Making Mind the Matter

Originally printed in the Winter 2012 issue of Quest magazine. 
Citation: Tulku, Tarthang . "Making Mind the Matter
." Quest  100. 1 (Winter 2012): 28-30, 40.

by Tarthang Tulku

Tarthang_RinpocheAs the members of our community go about their work, they try to keep the goal of understanding the teachings close to their hearts and minds. We are looking for ways to make the Dharma, the Buddha's teaching, relevant to our minds and to explore the activity of our minds in light of the Dharma.

Taking work as Dharma practice gives us the opportunity to investigate experience as it happens. What matters is learning to identify self and self-image in operation, always going on to ask another question instead of settling for a particular understanding. Here are some suggestions, based on my own observations, on ways to do this.

Examining the Senses. It may seem that our senses operate in a neutral way, but that is only because we have not learned to look closely. Just as science has learned to investigate in depth the atoms and molecules that make up matter, so we can learn to look at how we see and hear and feel and know. Rather than focusing on what appears to the senses, we can be aware of the activity of sensing, and of the way we react to what we sense.

There are many ways to conduct this inquiry. For instance, instead of focusing on objects, we can be aware of space as the background from which objects appear. Instead of accepting the way things are, we can determine how appearance develops through a series of transitions that unfold in time. Instead of accepting the identity of what is sensed, we can ask how our own reactions and sense of self-identity contribute to the feel and flavor of appearance.

The Changing River. Like a river, experience is never the same from one moment to the next, but we tend to ignore change and emphasize similarity. Insisting that the past has gone and the future has not yet come, we turn the present into something static: a fixed and rigid identity. To counter this tendency, we can focus in our experience on how things change from moment to moment. Right now I think I am the same person that I was last year or five minutes ago, but in fact the mind, feelings, and desires are constantly changing. Instead of insisting on sameness, can we simply appreciate the subtle differences?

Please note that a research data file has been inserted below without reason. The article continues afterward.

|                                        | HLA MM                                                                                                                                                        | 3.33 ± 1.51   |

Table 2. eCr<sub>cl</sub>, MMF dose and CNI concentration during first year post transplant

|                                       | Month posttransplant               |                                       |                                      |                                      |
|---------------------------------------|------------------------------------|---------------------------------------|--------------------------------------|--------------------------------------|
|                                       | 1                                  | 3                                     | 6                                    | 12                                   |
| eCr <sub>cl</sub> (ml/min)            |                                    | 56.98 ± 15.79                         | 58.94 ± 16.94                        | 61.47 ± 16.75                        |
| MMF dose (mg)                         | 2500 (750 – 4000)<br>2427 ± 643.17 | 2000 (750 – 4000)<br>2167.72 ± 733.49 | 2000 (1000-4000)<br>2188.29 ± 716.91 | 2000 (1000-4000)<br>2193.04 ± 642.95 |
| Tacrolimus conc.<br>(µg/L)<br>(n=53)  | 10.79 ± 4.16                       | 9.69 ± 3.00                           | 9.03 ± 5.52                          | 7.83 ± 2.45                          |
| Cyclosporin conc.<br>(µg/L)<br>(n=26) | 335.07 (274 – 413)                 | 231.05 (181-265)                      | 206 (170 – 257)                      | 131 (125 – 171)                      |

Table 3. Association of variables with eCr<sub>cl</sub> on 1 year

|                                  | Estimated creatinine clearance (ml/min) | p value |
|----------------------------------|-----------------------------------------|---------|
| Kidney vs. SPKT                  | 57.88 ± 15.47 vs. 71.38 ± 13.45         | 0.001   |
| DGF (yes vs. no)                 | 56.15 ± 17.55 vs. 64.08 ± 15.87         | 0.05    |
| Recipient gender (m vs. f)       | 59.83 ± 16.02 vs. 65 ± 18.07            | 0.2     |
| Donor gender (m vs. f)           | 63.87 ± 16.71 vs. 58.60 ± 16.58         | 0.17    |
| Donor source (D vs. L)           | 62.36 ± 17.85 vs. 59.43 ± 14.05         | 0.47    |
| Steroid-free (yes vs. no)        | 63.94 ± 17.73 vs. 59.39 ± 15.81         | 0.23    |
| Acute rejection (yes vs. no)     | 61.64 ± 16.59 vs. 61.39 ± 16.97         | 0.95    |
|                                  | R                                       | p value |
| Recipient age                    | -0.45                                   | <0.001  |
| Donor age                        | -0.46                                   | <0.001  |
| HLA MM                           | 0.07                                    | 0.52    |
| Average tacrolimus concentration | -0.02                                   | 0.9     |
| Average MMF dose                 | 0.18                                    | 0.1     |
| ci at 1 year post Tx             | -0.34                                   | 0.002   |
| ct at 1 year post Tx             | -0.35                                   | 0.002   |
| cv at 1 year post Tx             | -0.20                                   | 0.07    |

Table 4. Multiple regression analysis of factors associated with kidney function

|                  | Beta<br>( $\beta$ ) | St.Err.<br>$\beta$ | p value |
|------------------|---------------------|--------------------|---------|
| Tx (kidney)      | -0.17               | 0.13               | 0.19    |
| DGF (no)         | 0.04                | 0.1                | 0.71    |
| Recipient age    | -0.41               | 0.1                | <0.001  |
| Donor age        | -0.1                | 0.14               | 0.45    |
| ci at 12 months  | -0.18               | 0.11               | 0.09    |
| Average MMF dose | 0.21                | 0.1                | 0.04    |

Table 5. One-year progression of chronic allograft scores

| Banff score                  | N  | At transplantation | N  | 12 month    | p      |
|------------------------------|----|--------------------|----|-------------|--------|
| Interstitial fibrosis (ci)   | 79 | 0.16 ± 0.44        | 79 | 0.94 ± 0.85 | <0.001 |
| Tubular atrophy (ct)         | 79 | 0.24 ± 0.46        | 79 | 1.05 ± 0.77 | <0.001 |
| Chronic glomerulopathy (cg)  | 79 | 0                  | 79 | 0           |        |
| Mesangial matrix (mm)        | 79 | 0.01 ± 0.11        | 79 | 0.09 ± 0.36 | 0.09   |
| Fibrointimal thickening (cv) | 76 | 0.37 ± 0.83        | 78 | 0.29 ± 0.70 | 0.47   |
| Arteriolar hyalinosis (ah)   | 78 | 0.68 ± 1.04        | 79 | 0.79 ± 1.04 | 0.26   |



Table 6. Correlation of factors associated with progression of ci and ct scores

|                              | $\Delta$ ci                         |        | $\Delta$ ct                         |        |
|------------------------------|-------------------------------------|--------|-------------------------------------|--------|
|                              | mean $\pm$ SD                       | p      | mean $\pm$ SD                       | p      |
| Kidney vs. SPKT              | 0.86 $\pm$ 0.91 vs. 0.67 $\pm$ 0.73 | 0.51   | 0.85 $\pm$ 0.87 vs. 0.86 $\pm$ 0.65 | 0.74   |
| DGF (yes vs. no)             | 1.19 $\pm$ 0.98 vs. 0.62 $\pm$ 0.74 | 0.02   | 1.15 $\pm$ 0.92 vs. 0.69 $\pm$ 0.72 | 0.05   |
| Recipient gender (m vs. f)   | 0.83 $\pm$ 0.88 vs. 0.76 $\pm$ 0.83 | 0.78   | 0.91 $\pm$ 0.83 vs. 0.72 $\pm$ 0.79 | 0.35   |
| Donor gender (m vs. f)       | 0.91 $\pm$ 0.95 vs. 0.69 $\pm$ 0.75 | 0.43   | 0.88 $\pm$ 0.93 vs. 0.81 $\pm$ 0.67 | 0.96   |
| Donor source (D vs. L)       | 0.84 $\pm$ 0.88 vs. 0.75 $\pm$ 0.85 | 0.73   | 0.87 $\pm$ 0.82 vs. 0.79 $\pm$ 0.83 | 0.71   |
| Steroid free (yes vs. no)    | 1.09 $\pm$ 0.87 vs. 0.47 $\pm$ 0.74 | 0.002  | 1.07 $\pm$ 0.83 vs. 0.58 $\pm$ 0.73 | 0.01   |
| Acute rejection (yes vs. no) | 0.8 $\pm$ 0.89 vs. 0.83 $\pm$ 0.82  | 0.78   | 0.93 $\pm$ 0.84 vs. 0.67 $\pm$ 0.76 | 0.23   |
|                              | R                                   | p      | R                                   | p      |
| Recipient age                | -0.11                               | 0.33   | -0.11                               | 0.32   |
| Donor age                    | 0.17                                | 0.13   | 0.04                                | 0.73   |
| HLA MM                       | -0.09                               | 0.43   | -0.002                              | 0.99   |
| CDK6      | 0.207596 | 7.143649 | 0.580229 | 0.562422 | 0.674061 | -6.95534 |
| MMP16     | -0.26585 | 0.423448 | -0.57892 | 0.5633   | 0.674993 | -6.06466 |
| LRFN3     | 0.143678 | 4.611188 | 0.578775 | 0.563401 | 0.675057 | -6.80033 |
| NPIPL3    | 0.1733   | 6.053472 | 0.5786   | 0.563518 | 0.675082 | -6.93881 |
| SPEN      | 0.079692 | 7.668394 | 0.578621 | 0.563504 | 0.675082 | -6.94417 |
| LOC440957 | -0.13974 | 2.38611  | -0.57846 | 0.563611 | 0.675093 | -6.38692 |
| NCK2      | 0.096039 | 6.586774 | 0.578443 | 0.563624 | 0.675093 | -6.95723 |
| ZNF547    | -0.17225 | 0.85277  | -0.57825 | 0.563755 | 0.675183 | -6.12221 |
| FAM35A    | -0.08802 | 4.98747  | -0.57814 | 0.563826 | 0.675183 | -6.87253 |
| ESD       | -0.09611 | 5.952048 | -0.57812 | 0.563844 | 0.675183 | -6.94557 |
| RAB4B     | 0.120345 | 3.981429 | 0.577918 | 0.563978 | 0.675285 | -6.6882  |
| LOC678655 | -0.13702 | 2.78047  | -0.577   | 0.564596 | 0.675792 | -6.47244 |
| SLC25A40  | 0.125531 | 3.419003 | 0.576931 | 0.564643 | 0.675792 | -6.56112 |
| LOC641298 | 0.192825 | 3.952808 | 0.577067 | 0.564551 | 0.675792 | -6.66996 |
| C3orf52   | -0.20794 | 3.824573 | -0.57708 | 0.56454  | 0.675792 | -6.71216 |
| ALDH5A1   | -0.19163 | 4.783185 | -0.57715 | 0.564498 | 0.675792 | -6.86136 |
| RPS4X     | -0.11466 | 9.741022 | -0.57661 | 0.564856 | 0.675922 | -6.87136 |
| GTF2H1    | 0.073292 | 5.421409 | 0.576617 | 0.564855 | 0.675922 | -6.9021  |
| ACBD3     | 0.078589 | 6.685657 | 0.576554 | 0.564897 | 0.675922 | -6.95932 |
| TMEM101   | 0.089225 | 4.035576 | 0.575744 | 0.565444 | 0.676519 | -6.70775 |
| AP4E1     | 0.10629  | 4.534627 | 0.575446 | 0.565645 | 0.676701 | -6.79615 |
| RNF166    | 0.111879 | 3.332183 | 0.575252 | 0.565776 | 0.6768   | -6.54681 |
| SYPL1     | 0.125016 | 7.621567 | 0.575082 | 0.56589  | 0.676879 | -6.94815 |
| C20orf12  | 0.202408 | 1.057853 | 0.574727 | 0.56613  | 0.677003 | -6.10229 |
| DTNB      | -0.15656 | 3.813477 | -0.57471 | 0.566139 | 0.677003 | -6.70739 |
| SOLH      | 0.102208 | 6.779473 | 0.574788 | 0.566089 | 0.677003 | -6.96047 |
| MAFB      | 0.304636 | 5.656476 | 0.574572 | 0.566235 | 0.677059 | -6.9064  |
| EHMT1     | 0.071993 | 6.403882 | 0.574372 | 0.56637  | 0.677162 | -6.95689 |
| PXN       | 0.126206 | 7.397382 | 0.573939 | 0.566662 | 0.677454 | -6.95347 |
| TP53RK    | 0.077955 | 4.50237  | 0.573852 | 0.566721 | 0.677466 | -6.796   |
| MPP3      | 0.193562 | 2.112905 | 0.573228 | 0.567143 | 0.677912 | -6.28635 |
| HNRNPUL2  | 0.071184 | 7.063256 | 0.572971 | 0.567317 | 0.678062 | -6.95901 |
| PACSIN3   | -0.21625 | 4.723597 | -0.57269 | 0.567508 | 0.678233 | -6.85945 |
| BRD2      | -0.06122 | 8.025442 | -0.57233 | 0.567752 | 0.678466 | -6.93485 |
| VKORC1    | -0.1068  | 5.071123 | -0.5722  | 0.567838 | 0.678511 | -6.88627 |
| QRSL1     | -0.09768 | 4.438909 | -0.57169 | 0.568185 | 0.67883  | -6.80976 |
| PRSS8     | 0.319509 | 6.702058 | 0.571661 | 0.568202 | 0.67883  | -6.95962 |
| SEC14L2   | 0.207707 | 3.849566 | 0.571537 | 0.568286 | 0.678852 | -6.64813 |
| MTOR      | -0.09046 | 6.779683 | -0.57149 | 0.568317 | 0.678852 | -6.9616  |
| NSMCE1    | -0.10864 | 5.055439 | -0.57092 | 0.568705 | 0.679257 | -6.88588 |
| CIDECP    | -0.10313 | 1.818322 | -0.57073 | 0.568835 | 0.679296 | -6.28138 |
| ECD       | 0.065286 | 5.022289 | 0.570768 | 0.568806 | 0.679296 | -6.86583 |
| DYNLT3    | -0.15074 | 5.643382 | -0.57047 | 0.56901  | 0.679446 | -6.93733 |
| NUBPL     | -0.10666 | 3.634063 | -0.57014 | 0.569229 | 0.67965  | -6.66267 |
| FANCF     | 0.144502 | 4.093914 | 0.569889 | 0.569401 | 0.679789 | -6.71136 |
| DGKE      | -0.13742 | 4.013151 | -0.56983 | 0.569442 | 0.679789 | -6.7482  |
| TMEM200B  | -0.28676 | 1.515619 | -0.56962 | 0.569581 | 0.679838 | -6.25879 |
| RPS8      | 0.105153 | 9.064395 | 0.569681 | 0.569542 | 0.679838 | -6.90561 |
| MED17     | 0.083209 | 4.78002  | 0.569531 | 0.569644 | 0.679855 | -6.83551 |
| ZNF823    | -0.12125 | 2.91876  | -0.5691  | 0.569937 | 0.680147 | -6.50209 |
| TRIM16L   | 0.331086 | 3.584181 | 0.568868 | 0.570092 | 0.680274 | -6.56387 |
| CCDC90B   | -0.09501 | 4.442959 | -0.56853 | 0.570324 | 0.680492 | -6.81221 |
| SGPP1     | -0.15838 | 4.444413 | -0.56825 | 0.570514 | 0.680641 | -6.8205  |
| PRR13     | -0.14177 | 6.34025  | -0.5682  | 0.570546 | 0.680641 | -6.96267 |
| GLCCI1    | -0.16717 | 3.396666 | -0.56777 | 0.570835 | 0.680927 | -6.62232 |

We sometimes worry that we can't see the forest for the trees, but the opposite is also true: Once we have identified the forest, we find it hard to notice the twigs, the leaves, the branches, the birds, and the rustling underfoot. The Buddhist system known as Abhidharma offers the tools for analyzing subtle changes in the mind and learning to notice different levels of cognition and perception. Mantrayana teachings, which use the science of mantra to illuminate the path to enlightenment, and the samadhis, the body of knowledge that focuses on conduct, take this analysis to still more subtle levels. But daily experience can be a preparation for these more advanced approaches. Right now we can notice changes in experience and trace the consequences of such changes, and we can experiment with modifying or initiating changes on our own.

Beyond Samsaric (Delusory) Mind. Beginning meditators usually focus on calming the mind or simply observing experience. This is natural, since our thoughts and imagination give us so much trouble. But tending to mind and mental events the way a shepherd tends his sheep is inherently limiting. We may meditate in this way for years without a significant change in how mind operates. Ironically, the self that fixates on its mental projections knows little about how those projections arise and operate. When we always meditate in this way—in preventive mode—we cannot add to this store of knowledge.